- Format: PC
- Unleashed: Out Now
- Publisher: Square Enix
- Developer: Sushee
- Players: 1
- Site: www.playgoetia.com/
- Game code provided by the publisher
Ghost stories have made for some great video games in the years following their resurgence thanks to the likes of Amnesia: The Dark Descent, but they haven’t seen much of a shift out of the first person puzzle genre. Sushee’s Goetia is out to change that with a Kickstarter-funded ghost story of its own that takes a sidestep into the point-and-click adventure genre, and Square Enix have decided to give them a hand getting it out there.
Goetia has players take control of Abigail Blackwood, a young girl who died after falling out of a window at the family home, Blackwood Manor. Oddly enough, her spectral awakening was delayed by several decades, and it falls upon her to uncover the family secrets of the many years following her death by exploring the manor, its surrounding areas, and making deals with a crooked demon.
As a small ball of ectoplasm, movement is pretty simple: You point the mouse somewhere, and the physically-deprived Abigail will float over, regardless of any pesky walls or physical limitations that might get in the way of a more corporeally gifted individual. Things get trickier when possessing items, however, since Abigail is then restricted by physics and will have to find holes or paths to squeeze through. Except for when that doesn’t apply. Sometimes levels are designed in such a way that you’re not only able but expected to float objects through apparently thick stone walls with no apparent hole or even crack to get through. Needless to say, this can be frustrating when you’re trying to find the path only to discover it was there all along, just not communicated at all.
This possession is the basis for a lot of the puzzles, but they’re unfortunately poorly designed, overall. They’re either incredibly obvious routines of grabbing key items to unlock some kind of object, or possession will give Abigail seemingly random visions of the next objective. The game’s story justifies this as the objective having some relation to the history of the item, but how on Earth should the player know that a feather was somehow related to an otherwise invisible hole in the wall of a stairwell? We looked around the environment and perused the text logs for some justification for this particular example and came up empty, so it seems easy to assume that the intended solution to this particular puzzle was simply to possess every item and wander around until you stumble upon the newly accessible hole.
Later puzzles are a bit more typical, but again involve guesswork thanks to overly cryptic and esoteric clues such as the text “right hand, left hand, right hand” which means absolutely nothing in the actual solution, or sorting animals in their proximity to the moon or something? That’s what we got from it, at least. It doesn’t help that a lot of these clues come from hopelessly long text logs that are overly dry and imbued with an alarmingly low amount of character or flair.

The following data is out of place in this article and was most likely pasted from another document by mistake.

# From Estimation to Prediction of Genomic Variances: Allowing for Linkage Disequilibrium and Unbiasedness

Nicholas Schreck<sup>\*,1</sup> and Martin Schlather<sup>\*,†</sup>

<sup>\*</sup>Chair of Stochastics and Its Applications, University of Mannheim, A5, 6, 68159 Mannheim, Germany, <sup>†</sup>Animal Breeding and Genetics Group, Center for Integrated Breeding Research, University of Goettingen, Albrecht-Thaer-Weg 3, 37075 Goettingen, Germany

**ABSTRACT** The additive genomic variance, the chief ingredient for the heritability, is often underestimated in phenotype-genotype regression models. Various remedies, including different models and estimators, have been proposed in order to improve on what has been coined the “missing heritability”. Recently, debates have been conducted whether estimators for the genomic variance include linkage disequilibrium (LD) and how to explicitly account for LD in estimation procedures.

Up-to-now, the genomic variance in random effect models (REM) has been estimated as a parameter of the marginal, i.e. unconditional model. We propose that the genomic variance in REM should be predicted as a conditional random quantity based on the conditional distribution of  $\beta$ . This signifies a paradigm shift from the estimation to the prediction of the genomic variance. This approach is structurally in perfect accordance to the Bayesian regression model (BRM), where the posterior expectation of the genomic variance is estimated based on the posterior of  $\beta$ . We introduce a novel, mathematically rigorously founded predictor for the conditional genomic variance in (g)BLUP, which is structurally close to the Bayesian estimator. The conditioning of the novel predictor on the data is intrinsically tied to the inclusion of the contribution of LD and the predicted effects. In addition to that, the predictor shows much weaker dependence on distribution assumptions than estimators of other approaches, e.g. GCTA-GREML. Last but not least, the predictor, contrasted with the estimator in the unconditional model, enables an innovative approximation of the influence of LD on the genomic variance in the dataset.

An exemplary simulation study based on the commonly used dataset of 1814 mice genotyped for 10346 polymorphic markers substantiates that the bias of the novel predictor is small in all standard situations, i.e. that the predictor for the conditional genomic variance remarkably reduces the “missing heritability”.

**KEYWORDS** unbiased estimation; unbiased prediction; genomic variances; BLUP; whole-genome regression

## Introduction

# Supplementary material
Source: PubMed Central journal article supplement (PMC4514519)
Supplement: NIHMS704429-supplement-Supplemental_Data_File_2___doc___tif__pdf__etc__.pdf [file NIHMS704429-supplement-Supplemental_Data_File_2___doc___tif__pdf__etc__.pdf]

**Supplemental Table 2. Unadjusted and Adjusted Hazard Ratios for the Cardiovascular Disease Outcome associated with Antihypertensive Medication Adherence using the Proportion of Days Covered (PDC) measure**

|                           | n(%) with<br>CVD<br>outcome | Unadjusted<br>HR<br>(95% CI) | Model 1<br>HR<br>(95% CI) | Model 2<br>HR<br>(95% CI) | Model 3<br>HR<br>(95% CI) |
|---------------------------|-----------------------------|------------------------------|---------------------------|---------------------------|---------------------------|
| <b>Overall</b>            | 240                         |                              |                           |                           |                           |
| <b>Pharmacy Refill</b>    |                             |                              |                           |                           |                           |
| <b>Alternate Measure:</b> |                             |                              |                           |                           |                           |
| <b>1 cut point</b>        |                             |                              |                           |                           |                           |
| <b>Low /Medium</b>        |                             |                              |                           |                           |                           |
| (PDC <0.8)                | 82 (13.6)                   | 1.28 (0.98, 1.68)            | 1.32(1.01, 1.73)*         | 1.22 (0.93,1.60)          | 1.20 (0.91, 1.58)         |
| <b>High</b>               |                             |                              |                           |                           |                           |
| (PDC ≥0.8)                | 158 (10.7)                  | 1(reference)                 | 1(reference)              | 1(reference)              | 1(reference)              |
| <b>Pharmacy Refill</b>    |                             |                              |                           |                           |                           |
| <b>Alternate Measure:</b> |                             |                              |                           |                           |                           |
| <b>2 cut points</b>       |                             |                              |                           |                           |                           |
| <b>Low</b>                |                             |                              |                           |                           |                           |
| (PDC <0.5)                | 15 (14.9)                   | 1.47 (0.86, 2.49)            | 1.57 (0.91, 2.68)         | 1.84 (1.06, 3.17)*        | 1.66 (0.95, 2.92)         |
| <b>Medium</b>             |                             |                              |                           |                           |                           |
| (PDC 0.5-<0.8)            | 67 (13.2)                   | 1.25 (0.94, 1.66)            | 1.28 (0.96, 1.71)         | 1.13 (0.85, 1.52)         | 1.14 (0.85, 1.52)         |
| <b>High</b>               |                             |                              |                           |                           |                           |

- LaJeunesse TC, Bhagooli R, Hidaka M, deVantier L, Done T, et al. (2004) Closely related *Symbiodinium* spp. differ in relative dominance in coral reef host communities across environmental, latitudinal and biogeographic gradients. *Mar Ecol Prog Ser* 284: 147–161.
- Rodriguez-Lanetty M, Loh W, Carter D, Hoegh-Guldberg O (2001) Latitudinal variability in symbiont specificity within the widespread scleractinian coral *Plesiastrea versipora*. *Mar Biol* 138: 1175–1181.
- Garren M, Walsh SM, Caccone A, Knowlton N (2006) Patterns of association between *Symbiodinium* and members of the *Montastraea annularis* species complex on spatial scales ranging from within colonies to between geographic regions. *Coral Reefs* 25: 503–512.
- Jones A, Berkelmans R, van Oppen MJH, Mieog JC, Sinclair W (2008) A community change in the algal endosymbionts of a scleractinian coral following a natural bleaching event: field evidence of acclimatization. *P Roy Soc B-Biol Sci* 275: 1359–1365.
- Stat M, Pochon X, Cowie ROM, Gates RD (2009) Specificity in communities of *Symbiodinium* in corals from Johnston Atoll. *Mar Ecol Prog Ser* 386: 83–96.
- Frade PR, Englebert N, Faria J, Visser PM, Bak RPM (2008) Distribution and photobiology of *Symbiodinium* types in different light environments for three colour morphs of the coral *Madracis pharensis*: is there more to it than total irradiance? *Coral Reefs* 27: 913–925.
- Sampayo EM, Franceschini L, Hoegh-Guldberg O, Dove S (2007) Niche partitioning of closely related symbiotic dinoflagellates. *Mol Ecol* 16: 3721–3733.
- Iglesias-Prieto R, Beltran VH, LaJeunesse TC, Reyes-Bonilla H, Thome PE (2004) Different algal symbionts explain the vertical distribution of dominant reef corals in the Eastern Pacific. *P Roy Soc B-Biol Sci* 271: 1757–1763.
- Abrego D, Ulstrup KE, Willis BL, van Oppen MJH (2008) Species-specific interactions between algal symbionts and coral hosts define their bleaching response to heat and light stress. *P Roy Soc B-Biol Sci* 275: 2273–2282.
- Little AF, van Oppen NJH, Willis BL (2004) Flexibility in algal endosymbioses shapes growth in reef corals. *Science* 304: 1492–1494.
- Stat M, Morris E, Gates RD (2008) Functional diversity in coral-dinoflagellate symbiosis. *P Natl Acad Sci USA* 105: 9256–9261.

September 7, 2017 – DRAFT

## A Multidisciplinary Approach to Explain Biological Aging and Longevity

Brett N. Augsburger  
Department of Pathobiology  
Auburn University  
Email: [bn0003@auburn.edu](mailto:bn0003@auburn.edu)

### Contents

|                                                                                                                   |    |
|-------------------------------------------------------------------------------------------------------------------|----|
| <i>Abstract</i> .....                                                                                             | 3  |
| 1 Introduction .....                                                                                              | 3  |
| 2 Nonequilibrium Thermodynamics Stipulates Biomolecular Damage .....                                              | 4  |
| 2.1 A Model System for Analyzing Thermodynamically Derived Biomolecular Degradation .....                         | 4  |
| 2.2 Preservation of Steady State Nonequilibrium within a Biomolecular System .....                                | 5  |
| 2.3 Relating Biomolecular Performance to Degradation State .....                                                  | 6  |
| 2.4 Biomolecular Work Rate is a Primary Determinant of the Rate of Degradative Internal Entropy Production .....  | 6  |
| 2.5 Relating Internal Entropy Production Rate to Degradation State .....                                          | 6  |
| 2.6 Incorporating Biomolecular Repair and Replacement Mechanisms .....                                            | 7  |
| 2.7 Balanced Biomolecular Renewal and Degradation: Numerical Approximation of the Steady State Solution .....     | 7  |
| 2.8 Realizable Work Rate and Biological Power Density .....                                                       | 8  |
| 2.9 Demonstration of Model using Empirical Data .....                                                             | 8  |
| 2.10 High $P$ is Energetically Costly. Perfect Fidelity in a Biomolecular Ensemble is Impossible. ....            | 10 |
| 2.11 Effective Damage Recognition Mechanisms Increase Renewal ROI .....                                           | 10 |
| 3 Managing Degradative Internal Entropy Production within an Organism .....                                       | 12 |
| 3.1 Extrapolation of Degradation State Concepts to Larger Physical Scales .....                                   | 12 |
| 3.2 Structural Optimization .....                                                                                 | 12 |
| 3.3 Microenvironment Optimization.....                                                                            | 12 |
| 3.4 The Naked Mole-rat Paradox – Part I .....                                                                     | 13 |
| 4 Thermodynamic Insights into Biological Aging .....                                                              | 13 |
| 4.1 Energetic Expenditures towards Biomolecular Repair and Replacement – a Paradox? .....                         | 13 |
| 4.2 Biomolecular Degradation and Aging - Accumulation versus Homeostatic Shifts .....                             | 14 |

Finally, there’s the old problem of perfect solutions not working since it’s simply not the intended solution: One room contains a battery and a small hole that seems just the right size for the passage of your new energy source to slip through – almost as if it was designed that way – but it just won’t go through for whatever reason.
There is one rather compelling section, however, where Abigail is tasked with delving into different worlds, bringing items back and forth between them, and manipulating the orientation of the rooms in order to solve puzzles. It’s a shame that is maybe the game’s shortest sequence, as the game would have benefited greatly from more of this kind of level and puzzle design, and less of everything else.
A point-and-click adventure game relies heavily upon its story for the most part, and Goetia‘s is just not engrossing enough to justify the dull puzzles. As Abigail delves deeper into the history of Blackwood Manor, you will learn more about this troubled family, but it just isn’t written or presented in a memorable or compelling way. The only bright spot of it all is the fact that Abigail is a fairly sympathetic character at times, but these moments come all too rarely for the story to have any impact.
Where game design and writing falter, however, the artwork and sound design pick up the slack. Goetia is a good looking game, utilising a limited tool-set to create a visually enticing world full of atmosphere. While there are very few characters and they’re certainly held back, they’re well designed in a sufficiently creepy manner.
The game’s sound design is the biggest positive to take away from Goetia, with the music and sounds of the world doing a fantastic job of adding layers to the creepy, insidious vibe of the game. Perhaps the only knock against it is that the game could have done with some voice acting to further this.
Even with good art and sound, the poor design and writing makes it hard to recommend Goetia to anyone but the most devoted of ghost story fanatics who simply must engage with every ghost story in existence regardless of quality. The design of point-and-click adventure games has come a long way in recent years, but it seems like Abigail Blackwood isn’t the only one stuck in the past.